Conflict of Interest Statement
The authors serve in the editorial group of Cochrane Neonatal.
No funding was received.
Drs. Nicolas A. Bamat and Roger F. Soll planned and wrote the commentary on the Cochrane review of “Early (<7 days) systemic postnatal corticosteroids for prevention of bronchopulmonary dysplasia in preterm infants.”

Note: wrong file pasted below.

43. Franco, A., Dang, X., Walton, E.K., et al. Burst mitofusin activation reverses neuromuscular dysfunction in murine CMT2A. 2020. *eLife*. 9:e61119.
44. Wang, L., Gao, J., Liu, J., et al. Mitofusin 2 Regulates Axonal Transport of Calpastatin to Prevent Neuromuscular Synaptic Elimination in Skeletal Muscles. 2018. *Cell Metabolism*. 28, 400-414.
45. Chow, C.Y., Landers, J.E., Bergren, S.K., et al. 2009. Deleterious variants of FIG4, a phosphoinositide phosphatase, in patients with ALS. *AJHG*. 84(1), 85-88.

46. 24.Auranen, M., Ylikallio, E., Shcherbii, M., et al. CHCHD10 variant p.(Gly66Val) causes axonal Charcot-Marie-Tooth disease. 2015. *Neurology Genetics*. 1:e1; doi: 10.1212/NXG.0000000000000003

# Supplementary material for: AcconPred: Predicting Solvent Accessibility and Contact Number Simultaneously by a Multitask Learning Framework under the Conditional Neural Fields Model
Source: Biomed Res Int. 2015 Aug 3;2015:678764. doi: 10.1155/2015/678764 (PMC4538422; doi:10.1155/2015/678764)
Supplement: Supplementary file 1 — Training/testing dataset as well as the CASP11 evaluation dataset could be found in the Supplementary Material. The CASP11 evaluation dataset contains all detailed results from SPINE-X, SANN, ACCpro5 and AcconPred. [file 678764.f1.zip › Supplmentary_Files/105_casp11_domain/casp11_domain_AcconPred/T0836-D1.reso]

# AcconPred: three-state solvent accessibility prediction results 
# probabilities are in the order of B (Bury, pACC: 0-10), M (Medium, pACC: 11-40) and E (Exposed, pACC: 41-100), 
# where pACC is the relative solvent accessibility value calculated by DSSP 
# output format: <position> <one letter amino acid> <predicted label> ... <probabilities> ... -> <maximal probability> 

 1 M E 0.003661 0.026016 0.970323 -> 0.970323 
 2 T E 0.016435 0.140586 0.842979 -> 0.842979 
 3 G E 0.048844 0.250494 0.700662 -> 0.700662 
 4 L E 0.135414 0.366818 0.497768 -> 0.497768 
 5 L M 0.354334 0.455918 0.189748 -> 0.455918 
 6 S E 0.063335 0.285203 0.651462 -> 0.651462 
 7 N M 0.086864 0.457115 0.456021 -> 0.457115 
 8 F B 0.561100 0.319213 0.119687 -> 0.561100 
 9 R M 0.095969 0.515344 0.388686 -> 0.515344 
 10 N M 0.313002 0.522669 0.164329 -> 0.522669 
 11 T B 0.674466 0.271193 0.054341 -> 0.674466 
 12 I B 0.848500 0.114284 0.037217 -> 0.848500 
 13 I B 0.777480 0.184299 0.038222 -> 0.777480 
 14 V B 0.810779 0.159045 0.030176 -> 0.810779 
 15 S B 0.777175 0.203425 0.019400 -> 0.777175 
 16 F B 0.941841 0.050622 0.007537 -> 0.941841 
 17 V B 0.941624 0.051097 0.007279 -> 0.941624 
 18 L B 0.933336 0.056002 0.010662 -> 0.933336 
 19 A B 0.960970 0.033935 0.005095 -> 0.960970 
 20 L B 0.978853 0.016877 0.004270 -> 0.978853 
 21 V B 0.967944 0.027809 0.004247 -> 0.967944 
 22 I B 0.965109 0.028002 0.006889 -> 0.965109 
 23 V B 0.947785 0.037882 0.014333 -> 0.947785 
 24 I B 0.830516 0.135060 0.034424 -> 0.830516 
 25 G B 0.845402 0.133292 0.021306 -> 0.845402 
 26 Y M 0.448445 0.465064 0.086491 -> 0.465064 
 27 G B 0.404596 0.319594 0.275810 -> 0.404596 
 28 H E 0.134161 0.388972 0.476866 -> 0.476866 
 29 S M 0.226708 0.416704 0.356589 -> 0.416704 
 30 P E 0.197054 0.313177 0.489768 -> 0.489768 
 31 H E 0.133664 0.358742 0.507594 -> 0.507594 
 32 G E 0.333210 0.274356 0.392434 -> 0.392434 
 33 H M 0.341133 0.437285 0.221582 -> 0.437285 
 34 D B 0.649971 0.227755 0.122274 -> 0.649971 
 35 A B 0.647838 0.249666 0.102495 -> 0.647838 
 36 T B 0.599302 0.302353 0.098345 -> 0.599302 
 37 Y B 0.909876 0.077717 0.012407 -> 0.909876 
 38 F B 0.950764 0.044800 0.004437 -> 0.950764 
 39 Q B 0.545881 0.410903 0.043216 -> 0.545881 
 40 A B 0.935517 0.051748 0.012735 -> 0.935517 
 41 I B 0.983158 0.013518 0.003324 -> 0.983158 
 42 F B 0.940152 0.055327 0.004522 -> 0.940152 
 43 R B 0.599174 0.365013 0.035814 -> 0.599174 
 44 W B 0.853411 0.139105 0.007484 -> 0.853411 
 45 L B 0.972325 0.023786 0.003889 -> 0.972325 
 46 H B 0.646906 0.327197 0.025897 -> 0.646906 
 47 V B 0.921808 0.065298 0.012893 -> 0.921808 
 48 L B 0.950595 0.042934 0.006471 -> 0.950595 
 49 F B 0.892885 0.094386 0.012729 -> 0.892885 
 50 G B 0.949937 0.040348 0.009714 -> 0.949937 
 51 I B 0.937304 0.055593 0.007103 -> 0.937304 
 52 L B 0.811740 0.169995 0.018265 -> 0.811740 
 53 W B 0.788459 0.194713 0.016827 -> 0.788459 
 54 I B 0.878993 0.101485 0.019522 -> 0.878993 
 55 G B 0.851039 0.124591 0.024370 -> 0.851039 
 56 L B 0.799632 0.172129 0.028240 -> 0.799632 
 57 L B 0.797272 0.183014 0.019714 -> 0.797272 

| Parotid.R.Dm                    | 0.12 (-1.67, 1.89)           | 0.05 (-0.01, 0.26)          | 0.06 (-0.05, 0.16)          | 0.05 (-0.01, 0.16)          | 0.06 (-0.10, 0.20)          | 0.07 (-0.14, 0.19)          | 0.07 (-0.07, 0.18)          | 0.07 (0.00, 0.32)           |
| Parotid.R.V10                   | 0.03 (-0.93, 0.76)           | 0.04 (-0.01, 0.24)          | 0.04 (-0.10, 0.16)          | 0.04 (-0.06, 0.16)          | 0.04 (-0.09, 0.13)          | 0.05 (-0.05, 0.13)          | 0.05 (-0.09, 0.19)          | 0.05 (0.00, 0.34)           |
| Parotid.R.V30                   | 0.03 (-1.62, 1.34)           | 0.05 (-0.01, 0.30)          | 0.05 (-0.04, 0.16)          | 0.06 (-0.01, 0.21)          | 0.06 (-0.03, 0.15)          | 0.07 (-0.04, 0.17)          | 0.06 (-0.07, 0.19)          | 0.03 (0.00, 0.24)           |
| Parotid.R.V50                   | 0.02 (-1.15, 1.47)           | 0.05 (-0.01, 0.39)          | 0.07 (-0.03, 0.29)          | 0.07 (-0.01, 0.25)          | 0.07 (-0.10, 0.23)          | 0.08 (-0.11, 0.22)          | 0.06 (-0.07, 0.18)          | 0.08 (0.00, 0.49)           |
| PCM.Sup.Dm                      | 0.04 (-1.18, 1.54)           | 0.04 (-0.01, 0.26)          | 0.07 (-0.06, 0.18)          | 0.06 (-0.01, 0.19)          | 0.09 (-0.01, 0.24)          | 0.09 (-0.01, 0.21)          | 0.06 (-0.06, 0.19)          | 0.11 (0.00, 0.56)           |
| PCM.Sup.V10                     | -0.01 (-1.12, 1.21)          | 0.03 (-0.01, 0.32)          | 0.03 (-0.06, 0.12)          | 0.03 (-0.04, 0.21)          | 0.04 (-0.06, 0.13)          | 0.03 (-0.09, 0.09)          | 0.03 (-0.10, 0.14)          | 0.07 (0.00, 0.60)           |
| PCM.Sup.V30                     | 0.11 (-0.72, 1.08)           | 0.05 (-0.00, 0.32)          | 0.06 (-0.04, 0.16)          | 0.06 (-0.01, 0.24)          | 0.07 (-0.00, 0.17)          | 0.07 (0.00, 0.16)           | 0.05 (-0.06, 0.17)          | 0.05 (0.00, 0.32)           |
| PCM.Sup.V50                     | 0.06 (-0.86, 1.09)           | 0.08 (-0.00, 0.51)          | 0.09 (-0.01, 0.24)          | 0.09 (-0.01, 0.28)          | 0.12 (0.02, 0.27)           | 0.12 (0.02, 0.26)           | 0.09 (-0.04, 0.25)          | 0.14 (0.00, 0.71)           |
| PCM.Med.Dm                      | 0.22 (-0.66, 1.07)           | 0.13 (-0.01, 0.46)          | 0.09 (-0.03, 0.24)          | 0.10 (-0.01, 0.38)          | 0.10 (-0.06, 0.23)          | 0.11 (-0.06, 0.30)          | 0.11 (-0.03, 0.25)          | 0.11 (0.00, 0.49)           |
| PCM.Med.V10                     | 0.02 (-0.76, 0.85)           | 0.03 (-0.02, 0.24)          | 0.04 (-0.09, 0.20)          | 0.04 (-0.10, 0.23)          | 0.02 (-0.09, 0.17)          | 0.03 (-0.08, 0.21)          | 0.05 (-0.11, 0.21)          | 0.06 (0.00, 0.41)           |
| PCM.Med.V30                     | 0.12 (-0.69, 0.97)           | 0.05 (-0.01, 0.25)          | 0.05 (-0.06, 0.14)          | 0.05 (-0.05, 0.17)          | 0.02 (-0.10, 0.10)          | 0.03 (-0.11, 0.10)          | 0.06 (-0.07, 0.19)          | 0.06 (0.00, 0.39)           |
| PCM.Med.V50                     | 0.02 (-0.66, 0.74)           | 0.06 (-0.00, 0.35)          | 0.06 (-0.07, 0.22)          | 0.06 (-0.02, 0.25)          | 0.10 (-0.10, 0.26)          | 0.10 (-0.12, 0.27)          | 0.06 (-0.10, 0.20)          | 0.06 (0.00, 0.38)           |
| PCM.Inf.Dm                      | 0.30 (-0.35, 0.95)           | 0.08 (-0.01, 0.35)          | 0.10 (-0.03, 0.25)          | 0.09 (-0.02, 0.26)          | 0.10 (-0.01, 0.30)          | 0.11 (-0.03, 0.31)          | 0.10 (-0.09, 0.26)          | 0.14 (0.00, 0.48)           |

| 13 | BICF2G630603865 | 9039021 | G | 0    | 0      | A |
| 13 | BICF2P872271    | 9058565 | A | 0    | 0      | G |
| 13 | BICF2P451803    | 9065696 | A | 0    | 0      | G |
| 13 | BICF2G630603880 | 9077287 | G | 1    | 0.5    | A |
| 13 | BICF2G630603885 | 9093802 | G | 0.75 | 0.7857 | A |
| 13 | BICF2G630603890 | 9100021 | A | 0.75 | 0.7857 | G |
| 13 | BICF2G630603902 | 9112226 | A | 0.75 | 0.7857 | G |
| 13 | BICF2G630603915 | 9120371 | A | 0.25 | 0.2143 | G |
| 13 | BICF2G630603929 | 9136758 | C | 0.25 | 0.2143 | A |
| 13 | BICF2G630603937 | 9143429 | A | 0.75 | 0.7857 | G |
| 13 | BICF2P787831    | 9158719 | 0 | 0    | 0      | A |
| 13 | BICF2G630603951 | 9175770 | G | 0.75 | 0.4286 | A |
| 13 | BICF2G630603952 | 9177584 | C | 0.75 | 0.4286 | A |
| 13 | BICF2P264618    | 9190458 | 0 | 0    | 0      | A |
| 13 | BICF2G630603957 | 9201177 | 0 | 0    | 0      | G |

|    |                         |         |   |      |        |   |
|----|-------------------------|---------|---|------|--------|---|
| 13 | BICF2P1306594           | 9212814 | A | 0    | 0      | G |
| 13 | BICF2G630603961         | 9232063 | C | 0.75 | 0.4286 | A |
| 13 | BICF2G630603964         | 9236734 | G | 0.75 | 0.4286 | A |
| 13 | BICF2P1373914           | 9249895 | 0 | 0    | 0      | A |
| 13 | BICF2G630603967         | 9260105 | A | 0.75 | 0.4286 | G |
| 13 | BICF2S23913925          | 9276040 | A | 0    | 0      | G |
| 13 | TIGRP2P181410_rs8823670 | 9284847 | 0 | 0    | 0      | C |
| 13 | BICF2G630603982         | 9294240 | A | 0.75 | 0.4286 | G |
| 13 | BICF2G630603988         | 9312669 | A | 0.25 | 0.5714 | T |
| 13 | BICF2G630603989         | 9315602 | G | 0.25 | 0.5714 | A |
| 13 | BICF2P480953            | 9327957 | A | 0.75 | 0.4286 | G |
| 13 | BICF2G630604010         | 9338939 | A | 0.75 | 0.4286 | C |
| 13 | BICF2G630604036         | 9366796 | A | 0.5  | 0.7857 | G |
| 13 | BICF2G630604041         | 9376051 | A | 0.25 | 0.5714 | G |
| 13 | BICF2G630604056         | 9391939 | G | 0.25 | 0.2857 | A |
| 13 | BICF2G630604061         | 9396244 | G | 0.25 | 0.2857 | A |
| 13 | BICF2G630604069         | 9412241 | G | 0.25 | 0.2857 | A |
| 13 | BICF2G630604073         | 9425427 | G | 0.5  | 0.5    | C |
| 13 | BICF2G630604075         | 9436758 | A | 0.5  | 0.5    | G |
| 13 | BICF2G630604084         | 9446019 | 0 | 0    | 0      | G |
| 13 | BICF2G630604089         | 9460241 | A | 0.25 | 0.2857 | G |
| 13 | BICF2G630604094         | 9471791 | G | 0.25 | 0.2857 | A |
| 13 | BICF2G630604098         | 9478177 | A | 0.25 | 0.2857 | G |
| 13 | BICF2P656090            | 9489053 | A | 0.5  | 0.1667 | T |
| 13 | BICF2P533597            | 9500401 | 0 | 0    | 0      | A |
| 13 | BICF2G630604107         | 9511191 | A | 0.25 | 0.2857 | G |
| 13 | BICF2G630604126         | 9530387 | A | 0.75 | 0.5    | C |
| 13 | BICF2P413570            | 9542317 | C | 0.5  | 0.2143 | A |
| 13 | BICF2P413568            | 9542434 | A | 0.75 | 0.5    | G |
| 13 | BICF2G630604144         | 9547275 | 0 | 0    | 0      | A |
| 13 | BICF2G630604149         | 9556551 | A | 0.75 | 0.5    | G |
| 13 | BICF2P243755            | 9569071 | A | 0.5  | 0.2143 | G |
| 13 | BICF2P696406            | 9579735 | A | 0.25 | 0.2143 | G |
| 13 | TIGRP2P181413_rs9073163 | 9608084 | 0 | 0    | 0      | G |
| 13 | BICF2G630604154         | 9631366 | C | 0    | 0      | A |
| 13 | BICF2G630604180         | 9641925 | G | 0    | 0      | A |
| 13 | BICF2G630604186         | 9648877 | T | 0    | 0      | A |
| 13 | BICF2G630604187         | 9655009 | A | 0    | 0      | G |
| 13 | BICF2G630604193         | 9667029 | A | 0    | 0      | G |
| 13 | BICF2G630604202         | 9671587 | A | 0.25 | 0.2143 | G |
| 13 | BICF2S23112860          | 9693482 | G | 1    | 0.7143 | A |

Doyle LW, Cheong JL, Hay S, Manley BJ, Halliday HL. Early (<7 days) systemic postnatal corticosteroids for prevention of bronchopulmonary dysplasia in preterm infants. Cochrane Database of Systematic Reviews 2021, Issue 10. Art. No.: CD001146. DOI: 10.1002/14651858.CD001146.pub6. Background: Bronchopulmonary dysplasia (BPD) remains a major problem for infants born extremely preterm. Persistent inflammation in the lungs is important in its pathogenesis. Systemic corticosteroids have been used to prevent or treat BPD because of their potent anti‐inflammatory effects. Objectives: The aim of the review was to examine the relative benefits and adverse effects of systemic postnatal corticosteroids commenced within the first 6 days after birth for preterm infants at risk of developing BPD. Search Methods: We ran an updated search of the following databases on September 25, 2020: CENTRAL via CRS Web and MEDLINE via OVID. We also searched clinical trial databases and reference lists of retrieved articles for randomized controlled trials (RCTs). We did not include cluster randomized trials, cross‐over trials, or quasi‐RCTs. Selection Criteria: For this review, we selected RCTs examining systemic (intravenous or oral) postnatal corticosteroid treatment started within the first 6 days after birth (early) in high‐risk preterm infants. We included studies that evaluated the use of dexamethasone, as well as studies that assessed hydrocortisone, even when the latter was used primarily for management of hypotension, rather than for treatment of lung problems. We did not include trials of inhaled corticosteroids. Data Collection and Analysis: We used standard Cochrane methods. We extracted and analyzed data regarding clinical outcomes that included mortality, BPD, mortality or BPD, failure to extubate, complications during the primary hospitalization, and long‐term health and neurodevelopmental outcomes. We used the GRADE approach to assess the certainty of evidence. Main Results: Use of the GRADE approach revealed that the certainty of evidence was high for the major outcomes considered, except for BPD at 36 weeks for all studies combined, which was downgraded one level to moderate because of evidence of publication bias. We included 32 RCTs (4,395 infants). The overall risk of bias of included studies was low; all were RCTs, and most trials used rigorous methods. Early systemic corticosteroids overall have little or no effect on mortality to the latest reported age (risk ratio [RR] 0.95, 95% confidence interval [CI] 0.85–1.06; 31 studies, 4,373 infants; high‐certainty evidence), but hydrocortisone alone reduces mortality (RR 0.80, 95% CI 0.65–0.99; 11 studies, 1,433 infants; high‐certainty evidence). Early systemic corticosteroids overall probably reduce BPD at 36 weeks’ postmenstrual age (PMA) (RR 0.80, 95% CI 0.73–0.88; 26 studies, 4,167 infants; moderate‐certainty evidence), as does dexamethasone (RR 0.72, 95% CI 0.63–0.82; 17 studies, 2,791 infants; high‐certainty evidence), but hydrocortisone has little to no effect (RR 0.92, 95% CI 0.81–1.06; 9 studies, 1,376 infants; high‐certainty evidence). Early systemic corticosteroids overall reduce the combined outcome of mortality or BPD at 36 weeks’ PMA (RR 0.89, 95% CI 0.84–0.94; 26 studies, 4,167 infants; high‐certainty evidence), as do both dexamethasone (RR 0.88, 95% CI 0.81–0.95; 17 studies, 2,791 infants; high‐certainty evidence) and hydrocortisone (RR 0.90, 95% CI 0.82–0.99; 9 studies, 1,376 infants; high‐certainty evidence). Early systemic corticosteroids overall increase gastrointestinal perforation (RR 1.84, 95% CI 1.36–2.49; 16 studies, 3,040 infants; high‐certainty evidence), as do both dexamethasone (RR 1.73, 95% CI 1.20–2.51; 9 studies, 1,936 infants; high‐certainty evidence) and hydrocortisone (RR 2.05, 95% CI 1.21–3.47; 7 studies, 1,104 infants; high‐certainty evidence). Early systemic corticosteroids overall increase cerebral palsy (RR 1.43, 95% CI 1.07–1.92; 13 studies, 1,973 infants; high‐certainty evidence), as does dexamethasone (RR 1.77, 95% CI 1.21–2.58; 7 studies, 921 infants; high‐certainty evidence) but not hydrocortisone (RR 1.05, 95% CI 0.66–1.66; 6 studies, 1,052 infants; high‐certainty evidence). Early systemic corticosteroids overall have little to no effect on the combined outcome of mortality or cerebral palsy (RR 1.03, 95% CI 0.91–1.16; 13 studies, 1,973 infants; high‐certainty evidence), nor does hydrocortisone (RR 0.86, 95% CI 0.71–1.05; 6 studies, 1,052 infants; high‐certainty evidence). However, early dexamethasone probably increases the combined outcome of mortality or cerebral palsy (RR 1.18, 95% CI 1.01–1.37; 7 studies, 921 infants; high‐certainty evidence), In sensitivity analyses by primary intention for treatment with hydrocortisone (lung problems vs. hypotension), there was little evidence of differences in effects on major outcomes of mortality, BPD, or combined mortality or BPD, by indication for the drug. Authors’ Conclusions: Early systemic postnatal corticosteroid treatment (started during the first 6 days after birth) prevents BPD and the combined outcome of mortality or BPD. However, it increases risks of gastrointestinal perforation, cerebral palsy, and the combined outcome of mortality or cerebral palsy. Most beneficial and harmful effects are related to early treatment with dexamethasone rather than to early treatment with hydrocortisone, but early hydrocortisone may prevent mortality, whereas early dexamethasone does not. Longer term follow‐up into late childhood is vital for assessment of important outcomes that cannot be assessed in early childhood, such as effects of early corticosteroid treatment on higher order neurological functions, including cognitive function, executive function, academic performance, behavior, mental health, motor function, and lung function. Further RCTs of early corticosteroids, particularly hydrocortisone, should include longer term survival free of neurodevelopmental disability as the primary outcome.